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China’s Retiring Migrant Workers Have No Place to Call Home

Those Who Moved to the Cities for Work in the 1980s Find Pension Accounts Largely Empty

A generation of Chinese people from rural areas who moved to the big cities to find work is reaching retirement age, but many are finding they have been left outside the country's urban pension system despite extensive reforms in recent years.

Zhang Shumin and her husband, Liu Yuchen, spent over 20 years working as sanitation workers in Beijing and live in a tiny room next to a public restroom they clean. The natives of the northern province of Hebei are nearing retirement, but have learned their employer never properly paid their pensions.

The problem Zhang and her husband face is common among the county's first generation of migrant workers, the people who left their rural homes to look for jobs in big cities in the 1980s. These people mainly worked as temporary contract workers, and have been left out of the basic pension plan that started covering urban employees in the 1990s.

The country adopted its first Social Security Law in 2011, but many migrant workers have fallen between the cracks of local and national regulations and face constant discrimination.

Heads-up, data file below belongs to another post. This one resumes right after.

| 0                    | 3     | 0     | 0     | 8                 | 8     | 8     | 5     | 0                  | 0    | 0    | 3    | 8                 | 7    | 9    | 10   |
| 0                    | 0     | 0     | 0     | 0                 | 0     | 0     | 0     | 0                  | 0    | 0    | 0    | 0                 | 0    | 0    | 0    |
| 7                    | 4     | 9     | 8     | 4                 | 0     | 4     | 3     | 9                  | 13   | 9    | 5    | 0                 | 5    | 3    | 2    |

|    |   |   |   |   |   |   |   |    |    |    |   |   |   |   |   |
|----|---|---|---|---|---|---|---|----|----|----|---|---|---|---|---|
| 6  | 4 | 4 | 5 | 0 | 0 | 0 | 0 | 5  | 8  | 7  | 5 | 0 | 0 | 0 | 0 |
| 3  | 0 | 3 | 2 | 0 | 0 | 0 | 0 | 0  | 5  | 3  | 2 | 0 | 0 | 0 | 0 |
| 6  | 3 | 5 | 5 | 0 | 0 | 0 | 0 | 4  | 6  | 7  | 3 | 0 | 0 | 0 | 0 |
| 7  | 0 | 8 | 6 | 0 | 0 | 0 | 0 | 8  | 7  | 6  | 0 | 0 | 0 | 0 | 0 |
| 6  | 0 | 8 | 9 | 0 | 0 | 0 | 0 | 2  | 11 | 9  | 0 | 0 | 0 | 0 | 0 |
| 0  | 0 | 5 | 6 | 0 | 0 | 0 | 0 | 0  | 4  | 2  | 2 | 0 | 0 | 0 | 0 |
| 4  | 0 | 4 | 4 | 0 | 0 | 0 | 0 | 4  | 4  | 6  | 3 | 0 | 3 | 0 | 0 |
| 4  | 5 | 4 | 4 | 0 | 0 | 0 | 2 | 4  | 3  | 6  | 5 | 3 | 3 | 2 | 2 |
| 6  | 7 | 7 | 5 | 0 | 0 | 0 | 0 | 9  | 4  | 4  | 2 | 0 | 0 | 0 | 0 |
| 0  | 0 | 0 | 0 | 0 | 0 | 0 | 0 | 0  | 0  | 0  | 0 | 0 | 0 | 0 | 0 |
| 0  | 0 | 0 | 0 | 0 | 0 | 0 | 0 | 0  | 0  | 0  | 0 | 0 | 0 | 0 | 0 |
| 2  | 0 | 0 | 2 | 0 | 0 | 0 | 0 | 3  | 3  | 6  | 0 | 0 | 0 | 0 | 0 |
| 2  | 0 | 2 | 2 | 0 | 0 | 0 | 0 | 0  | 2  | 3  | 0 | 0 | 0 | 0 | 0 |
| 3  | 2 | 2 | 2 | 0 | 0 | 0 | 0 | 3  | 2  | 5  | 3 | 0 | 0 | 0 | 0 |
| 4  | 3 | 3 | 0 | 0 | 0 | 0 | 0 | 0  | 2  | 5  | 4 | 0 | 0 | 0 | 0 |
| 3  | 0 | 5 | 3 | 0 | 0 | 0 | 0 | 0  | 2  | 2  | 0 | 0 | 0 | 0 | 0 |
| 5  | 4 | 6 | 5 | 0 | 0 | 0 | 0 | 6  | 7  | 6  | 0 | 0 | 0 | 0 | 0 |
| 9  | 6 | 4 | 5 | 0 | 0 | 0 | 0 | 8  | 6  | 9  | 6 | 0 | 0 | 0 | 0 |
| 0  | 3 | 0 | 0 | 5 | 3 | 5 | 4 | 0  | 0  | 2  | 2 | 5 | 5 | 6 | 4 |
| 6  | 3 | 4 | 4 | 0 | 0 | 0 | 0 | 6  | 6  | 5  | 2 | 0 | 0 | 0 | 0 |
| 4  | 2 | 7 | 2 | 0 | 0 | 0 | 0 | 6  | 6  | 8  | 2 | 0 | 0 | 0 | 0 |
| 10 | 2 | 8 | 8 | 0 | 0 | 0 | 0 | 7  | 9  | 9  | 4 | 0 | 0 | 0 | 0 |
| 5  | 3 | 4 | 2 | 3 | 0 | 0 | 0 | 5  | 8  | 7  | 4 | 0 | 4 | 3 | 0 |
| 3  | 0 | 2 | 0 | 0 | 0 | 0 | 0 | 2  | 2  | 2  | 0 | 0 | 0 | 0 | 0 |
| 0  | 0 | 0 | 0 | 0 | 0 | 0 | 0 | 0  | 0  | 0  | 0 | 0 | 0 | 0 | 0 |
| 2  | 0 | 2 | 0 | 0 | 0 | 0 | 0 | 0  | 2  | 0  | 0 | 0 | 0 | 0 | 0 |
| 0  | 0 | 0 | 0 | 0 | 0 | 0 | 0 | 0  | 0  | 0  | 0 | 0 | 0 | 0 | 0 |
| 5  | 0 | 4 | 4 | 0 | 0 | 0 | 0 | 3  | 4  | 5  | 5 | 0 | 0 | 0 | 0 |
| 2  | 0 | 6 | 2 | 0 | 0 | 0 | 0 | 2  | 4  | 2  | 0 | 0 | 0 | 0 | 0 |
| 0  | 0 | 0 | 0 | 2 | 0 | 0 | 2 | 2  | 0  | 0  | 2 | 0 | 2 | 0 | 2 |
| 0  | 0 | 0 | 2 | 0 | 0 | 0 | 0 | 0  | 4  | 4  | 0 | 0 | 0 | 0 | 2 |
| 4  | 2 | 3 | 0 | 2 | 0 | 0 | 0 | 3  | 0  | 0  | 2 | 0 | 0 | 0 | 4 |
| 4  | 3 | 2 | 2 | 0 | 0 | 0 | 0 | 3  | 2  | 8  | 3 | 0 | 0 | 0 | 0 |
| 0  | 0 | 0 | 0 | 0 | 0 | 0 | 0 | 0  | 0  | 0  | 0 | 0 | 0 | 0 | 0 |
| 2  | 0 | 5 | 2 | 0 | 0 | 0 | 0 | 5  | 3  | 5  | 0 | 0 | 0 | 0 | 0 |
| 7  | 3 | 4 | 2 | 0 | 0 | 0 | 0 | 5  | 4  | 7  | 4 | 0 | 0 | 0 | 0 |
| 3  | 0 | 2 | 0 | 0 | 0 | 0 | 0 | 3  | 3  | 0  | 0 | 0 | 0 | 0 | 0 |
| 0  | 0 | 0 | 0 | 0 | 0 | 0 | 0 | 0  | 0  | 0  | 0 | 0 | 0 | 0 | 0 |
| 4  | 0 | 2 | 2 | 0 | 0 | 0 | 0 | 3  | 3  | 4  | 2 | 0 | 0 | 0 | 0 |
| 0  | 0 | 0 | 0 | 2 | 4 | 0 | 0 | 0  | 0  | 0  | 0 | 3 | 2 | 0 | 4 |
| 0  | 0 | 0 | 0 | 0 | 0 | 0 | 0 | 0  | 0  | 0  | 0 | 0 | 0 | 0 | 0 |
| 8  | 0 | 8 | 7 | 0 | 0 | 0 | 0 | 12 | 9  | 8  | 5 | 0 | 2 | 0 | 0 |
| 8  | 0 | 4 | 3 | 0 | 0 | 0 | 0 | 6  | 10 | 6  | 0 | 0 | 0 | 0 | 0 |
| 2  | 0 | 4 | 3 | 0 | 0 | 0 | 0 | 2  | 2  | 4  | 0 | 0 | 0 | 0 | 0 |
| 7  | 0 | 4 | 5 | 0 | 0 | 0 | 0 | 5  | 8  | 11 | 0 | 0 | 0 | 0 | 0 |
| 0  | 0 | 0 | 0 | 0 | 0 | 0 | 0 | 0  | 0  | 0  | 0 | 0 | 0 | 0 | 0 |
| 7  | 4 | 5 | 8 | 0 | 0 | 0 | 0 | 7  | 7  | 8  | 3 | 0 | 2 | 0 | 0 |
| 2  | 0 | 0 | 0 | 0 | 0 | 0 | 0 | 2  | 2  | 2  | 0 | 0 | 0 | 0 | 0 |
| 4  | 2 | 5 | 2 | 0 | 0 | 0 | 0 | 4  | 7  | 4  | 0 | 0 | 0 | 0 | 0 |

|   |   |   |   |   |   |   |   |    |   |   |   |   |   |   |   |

These migrant workers often take jobs that locals will not, take less pay, and are not eligible for raises and other benefits. Due to outdated regulations differentiating between rural and urban pension schemes, they are frequently denied pension contribution reimbursements from their employers as stipulated in the 2011 law.

Courtroom Drama

Zhang and Liu run a public toilet by the capital's Temple of Heaven Park. They have worked as contract workers for East District Environment Sanitation Service Center, a service company backed by a district government.

The couple arrived in Beijing in the late 1980s with the hope they would be starting a new life. Their parents' generation tended to return to their land and homes when it was time to retire, but Zhang and Liu are part of the first generation of urbanized migrants. This group often gave up land that was contracted to them in the countryside and have nothing to go back to. They sold their parents' rural homes to pay tuition for their daughter, who attended a university in the capital.